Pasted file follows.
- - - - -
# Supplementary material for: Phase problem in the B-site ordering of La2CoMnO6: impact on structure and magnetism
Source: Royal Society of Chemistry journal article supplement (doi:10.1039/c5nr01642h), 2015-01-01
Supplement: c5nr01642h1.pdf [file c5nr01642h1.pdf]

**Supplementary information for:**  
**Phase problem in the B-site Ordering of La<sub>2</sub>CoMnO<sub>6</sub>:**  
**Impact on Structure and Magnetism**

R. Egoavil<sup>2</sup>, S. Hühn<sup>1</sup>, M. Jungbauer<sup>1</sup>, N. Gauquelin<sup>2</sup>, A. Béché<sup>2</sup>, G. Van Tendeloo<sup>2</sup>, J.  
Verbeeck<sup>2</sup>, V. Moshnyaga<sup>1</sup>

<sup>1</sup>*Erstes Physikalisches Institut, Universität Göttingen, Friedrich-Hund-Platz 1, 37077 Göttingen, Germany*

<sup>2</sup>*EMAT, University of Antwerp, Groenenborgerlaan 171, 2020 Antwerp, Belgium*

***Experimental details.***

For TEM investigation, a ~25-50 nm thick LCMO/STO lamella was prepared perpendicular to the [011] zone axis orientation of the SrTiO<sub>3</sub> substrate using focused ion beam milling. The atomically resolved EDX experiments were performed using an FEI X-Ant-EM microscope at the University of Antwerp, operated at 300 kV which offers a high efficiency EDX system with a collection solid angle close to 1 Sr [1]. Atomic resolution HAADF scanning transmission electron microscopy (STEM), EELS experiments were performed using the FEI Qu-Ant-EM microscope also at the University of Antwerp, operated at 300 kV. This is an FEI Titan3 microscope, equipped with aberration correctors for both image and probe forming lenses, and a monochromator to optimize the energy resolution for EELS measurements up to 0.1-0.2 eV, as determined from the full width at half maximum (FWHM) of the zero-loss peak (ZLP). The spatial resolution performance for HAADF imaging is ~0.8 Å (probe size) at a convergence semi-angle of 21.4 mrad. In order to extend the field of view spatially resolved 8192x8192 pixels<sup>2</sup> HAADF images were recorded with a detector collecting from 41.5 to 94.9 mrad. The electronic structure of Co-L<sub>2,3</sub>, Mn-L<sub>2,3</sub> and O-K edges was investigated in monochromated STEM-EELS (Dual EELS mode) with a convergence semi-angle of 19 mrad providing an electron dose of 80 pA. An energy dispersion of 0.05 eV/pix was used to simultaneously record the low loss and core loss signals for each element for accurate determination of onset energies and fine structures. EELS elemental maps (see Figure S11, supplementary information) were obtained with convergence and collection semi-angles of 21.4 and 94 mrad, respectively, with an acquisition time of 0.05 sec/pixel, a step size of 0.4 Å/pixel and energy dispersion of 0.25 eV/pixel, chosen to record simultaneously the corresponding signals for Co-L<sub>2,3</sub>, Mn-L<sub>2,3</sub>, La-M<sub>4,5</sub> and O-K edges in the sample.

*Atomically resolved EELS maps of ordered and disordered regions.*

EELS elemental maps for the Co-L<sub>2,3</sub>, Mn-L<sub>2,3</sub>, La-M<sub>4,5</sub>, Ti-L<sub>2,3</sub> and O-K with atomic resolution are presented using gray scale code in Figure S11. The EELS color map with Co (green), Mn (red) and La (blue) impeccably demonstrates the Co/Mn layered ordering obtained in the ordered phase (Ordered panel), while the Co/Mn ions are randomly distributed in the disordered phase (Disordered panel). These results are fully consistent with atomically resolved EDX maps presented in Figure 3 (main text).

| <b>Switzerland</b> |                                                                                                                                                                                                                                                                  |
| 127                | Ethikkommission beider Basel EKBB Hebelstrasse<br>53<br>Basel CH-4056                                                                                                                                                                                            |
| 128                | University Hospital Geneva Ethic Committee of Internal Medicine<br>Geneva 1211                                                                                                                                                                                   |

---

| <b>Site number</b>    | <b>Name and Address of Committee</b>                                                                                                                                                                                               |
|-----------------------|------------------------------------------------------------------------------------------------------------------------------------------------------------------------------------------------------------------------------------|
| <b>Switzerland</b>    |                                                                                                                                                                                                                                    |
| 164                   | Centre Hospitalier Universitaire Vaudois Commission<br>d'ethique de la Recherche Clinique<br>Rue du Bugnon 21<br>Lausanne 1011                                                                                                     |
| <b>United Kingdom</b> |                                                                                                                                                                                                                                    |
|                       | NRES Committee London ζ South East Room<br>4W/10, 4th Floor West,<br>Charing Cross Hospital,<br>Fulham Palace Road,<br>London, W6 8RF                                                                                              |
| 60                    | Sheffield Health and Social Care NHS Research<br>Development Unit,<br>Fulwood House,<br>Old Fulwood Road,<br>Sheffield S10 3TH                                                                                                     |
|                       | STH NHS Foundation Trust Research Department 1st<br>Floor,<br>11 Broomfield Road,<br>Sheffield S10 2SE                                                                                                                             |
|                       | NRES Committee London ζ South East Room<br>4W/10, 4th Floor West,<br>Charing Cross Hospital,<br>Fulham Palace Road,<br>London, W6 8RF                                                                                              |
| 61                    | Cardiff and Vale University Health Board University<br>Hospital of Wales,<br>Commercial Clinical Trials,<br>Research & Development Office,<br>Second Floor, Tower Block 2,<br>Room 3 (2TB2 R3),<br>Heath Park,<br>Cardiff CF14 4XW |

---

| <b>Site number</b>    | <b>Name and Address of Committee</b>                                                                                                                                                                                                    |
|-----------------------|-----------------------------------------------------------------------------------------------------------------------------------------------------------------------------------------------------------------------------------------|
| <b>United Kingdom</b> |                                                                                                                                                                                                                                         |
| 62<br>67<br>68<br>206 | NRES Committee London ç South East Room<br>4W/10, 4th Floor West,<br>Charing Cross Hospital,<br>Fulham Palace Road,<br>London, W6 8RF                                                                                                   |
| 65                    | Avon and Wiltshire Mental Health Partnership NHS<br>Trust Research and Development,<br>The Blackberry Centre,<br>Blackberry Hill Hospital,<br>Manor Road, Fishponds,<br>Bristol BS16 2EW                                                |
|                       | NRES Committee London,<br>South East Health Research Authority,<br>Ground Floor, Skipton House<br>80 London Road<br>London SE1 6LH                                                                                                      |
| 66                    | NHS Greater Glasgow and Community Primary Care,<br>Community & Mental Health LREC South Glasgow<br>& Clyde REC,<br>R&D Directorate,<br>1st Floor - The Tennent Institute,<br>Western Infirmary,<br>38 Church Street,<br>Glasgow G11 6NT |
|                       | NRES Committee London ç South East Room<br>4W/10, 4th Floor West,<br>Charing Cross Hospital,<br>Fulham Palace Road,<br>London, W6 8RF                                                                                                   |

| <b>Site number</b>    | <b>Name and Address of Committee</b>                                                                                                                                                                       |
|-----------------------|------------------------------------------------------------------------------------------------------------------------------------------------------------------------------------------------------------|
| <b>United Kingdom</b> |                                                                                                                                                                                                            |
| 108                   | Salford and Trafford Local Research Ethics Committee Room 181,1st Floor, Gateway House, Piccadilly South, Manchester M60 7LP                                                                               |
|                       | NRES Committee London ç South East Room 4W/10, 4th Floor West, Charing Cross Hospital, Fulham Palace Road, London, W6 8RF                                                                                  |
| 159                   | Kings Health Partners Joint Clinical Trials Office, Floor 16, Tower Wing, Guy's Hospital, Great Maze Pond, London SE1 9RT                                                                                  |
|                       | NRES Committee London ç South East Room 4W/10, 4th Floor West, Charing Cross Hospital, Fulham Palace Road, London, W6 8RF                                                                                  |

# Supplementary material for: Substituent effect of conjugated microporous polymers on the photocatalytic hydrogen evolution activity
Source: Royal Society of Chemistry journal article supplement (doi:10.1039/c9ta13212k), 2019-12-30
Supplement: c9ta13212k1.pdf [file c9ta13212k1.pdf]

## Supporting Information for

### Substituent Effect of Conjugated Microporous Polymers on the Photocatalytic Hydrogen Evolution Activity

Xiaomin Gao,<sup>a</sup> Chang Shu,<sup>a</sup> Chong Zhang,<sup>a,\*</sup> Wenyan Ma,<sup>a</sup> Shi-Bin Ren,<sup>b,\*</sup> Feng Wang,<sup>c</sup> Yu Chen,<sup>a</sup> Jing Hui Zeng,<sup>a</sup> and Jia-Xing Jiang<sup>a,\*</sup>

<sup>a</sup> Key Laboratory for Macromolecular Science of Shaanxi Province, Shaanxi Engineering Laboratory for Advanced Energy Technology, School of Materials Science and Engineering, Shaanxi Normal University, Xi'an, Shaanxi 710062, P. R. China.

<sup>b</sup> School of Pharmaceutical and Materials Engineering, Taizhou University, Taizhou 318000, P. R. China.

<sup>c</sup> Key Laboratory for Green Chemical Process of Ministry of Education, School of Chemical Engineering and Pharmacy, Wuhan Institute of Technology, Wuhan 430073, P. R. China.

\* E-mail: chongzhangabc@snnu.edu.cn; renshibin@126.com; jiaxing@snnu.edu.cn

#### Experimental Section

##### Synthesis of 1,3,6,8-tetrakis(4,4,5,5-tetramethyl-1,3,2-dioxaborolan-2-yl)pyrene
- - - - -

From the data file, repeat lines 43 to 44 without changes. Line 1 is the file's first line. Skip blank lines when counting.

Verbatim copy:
| 159                   | Kings Health Partners Joint Clinical Trials Office, Floor 16, Tower Wing, Guy's Hospital, Great Maze Pond, London SE1 9RT                                                                                  |
|                       | NRES Committee London ç South East Room 4W/10, 4th Floor West, Charing Cross Hospital, Fulham Palace Road, London, W6 8RF                                                                                  |